A lot of different factors have influenced our evolution. Socialising drove the development of our brain. Tools shaped our hands. Now, research has revealed that the simple act of carrying stuff may also have influenced our evolution.
Specifically, the evolution of our arms. Scientists have long known that the arms actually play a pretty key role in walking; helping keep our body balanced.
After recreating the lives of our ancestors for a day (or at least, carrying stuff through environments they would have traveled) researchers revealed that lugging rocks around has a pretty big impact on our arms ability to help us walk.
King of the swingers
When walking we swing our arms from side to side. It’s pretty hard to stop this. Even if you shove your hands in your pockets they often subconciously re-emerge a short time later.
This is because swinging our arms plays a pretty big role in helping us walk. Which seems odd, as they’re at the opposite end of the body to our feet. But this puts them in a great location to help counteract various unwanted movements during walking.
Despite trying to move forwards, walking generates a lot of rotation. Our hips rotate relative to our body to move each leg forwards. As a result of this, the foot on the ground (the trailing foot) also has to rotate, to still move forwards despite the hips’ rotation. The rotation of the feet generates a lot of torque. Since we’re actually trying to move forwards, this extra torque is (a) wasted energy and movement and (b) a potential source of instability.
Swinging your arms helps counteract this torque. Hence why your arm swings with the trailing foot. You can still walk without the arm swing, but its a lot more unstable and inefficient. Various computer simulations (and weird experiments on humans, involving taping their arms to their side) confirm this.
Interestingly, when carrying out these computer simulations scientists didn’t actually have to teach it to swing its arms. They just told it to minimise the torque in the trailing leg and the computer figured out the best way to do that was through arm swing.
So we have these lovely helpful arms that counteract the rotation in our legs as we walk. So obviously we might expect them to evolve in order to carry out this task really well; becoming the optimal size and weight.
It turns out that this is around the same size and weight as the legs; allowing the arms to exactly counterbalance them. Our early ancestors (and living apes) have arms around this size. Sometimes they’re a bit bigger, because living apes use their arms to climb so need the extra reach. But what happens when they start tinkering with their arms’ size and weight by carrying stuff?
Well, if they’re already the perfect weight then even the smallest change would tip them out of the ideal zone. More computer simulations (and weird human experiments) confirm that it doesn’t take much to throw things off. If Lucy or a chimp had picked up a rock to make a stone tool (like she may well have done) this would have really harmed her swinging ability.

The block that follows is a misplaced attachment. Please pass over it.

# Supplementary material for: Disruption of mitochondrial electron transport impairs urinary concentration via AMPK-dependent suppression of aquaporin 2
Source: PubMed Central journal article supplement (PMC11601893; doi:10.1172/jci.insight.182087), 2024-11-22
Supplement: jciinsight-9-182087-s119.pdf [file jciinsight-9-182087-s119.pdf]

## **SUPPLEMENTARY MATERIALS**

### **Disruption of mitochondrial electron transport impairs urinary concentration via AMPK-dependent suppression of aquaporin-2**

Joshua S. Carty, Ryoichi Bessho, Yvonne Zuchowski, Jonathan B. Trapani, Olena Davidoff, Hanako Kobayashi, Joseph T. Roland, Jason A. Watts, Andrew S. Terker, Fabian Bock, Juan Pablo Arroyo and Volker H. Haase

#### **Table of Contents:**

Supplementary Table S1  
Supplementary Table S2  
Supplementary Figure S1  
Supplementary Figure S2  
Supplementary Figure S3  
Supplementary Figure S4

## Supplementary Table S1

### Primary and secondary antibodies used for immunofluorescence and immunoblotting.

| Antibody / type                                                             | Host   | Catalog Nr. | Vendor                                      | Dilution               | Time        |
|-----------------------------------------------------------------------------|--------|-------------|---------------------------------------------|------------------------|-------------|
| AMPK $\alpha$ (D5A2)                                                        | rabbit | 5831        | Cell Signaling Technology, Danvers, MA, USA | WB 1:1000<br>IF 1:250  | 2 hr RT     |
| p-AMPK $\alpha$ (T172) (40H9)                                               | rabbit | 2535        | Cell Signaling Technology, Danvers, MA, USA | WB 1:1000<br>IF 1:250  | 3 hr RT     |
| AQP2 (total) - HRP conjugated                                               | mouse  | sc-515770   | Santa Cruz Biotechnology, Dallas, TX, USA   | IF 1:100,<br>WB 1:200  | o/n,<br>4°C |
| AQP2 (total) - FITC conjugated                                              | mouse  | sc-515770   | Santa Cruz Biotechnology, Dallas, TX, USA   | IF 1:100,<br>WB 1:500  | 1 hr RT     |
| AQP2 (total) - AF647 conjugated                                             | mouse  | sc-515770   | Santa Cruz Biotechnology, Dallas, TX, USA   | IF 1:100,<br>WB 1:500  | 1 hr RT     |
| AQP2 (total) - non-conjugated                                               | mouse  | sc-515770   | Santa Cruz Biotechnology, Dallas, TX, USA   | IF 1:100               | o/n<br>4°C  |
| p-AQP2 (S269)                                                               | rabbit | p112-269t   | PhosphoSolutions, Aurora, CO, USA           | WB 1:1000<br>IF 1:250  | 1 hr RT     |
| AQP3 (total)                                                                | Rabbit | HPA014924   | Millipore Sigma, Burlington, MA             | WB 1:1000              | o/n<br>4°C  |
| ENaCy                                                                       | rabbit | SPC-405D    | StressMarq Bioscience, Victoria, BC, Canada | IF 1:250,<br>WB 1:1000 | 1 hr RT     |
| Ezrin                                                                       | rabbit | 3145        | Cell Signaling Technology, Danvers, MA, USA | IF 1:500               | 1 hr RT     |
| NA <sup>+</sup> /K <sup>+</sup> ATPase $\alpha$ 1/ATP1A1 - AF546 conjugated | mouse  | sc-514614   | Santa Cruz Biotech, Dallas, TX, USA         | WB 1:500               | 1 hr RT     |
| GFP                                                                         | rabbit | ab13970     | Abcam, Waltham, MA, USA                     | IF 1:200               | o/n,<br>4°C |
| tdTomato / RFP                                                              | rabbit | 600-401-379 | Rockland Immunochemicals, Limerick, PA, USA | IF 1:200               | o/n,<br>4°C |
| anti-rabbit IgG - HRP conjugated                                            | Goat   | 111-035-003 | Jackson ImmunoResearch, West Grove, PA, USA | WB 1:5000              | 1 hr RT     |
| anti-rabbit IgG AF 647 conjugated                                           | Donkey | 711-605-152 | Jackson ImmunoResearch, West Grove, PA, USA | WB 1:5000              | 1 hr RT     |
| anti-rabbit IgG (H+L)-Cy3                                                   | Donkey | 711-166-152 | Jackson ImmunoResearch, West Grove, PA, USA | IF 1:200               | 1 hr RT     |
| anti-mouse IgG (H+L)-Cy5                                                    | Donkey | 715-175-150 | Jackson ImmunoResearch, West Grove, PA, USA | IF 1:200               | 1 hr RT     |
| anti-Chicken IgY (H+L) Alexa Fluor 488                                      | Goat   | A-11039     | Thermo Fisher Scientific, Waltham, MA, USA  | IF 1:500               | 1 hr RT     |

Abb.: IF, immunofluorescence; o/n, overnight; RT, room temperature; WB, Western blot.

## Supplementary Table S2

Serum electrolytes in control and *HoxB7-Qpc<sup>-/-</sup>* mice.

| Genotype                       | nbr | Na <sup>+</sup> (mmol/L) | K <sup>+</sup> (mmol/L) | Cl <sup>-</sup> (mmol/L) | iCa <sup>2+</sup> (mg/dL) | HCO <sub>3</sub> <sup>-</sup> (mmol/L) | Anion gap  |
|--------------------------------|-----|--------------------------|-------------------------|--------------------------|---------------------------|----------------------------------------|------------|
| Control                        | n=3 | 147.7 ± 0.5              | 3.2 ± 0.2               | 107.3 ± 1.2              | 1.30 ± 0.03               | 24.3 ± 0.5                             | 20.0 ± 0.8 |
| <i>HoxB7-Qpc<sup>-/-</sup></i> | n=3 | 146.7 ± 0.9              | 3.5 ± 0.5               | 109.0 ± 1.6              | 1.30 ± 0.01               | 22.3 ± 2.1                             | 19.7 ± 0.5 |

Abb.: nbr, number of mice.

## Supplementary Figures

However, shorter arms have a bit more wiggle room. They can carry heavier stuff before the arm itself gets too heavy. Those computer simulations revealed that an arm ~2/3 the size of the leg is optimal. That way it’s heavy enough to still counteract torque when empty; but has enough wiggle room to allow you to carry some pretty large rocks.
And our arms just so happen to be almost 2/3 the size of our legs.
Days of future past
So, there’s a lot of evidence that our arms evolved “wiggle” room to allow us to carry stuff. Their current size matches computer predictions about the ideal size; whilst fossils show that size evolving as carrying stuff would have become more common.
But the real icing on the cake came in November 2015; when scientists published the results of their recreation of an ancient journey hominins took. They found flint tools at an important Spanish site (Sima de los Huesos) that had been sourced from a nearby outcrop. So they got some volunteers, measured their limbs and got them to carry some rocks from this outcrop back to the site. Just as the hominins did more than half a million years ago.
Sure enough; as the computer models predicted those with the “optimal” arm weight found the journey the easiest. Someone with an arm 2/3 the weight of their legs used almost half the energy of lanky gits with longer arms. This drastic difference confirms that these factors are strong enough to have driven some arm evolution.
Our arms play a pretty big role in walking; and carrying stuff has a pretty big impact on our arms ability to do this. Evolution may well have shaped our arms so they can still help us walk even when carrying stuff.
Collins, S.H., Adamczyk, P.G. and Kuo, A.D., 2009. Dynamic arm swinging in human walking.Proceedings of the Royal Society of London B: Biological Sciences, p.rspb20090664.
Park, J., 2008. Synthesis of natural arm swing motion in human bipedal walking. Journal of biomechanics, 41(7), pp.1417-1426.
Vidal-Cordasco, M., Mateos, A., Prado-Nóvoa, O., Terradillos-Bernal, M. and Rodríguez, J., 2015. Shorter arms count: The energetic costs of raw material catchment in a new experimental approach at Sierra de Atapuerca. Quaternary International.
Wang, W.J., Crompton, R.H., Li, Y. and Gunther, M.M., 2003. Optimum ratio of upper to lower limb lengths in hand-carrying of a load under the assumption of frequency coordination. Journal of biomechanics, 36(2), pp.249-252.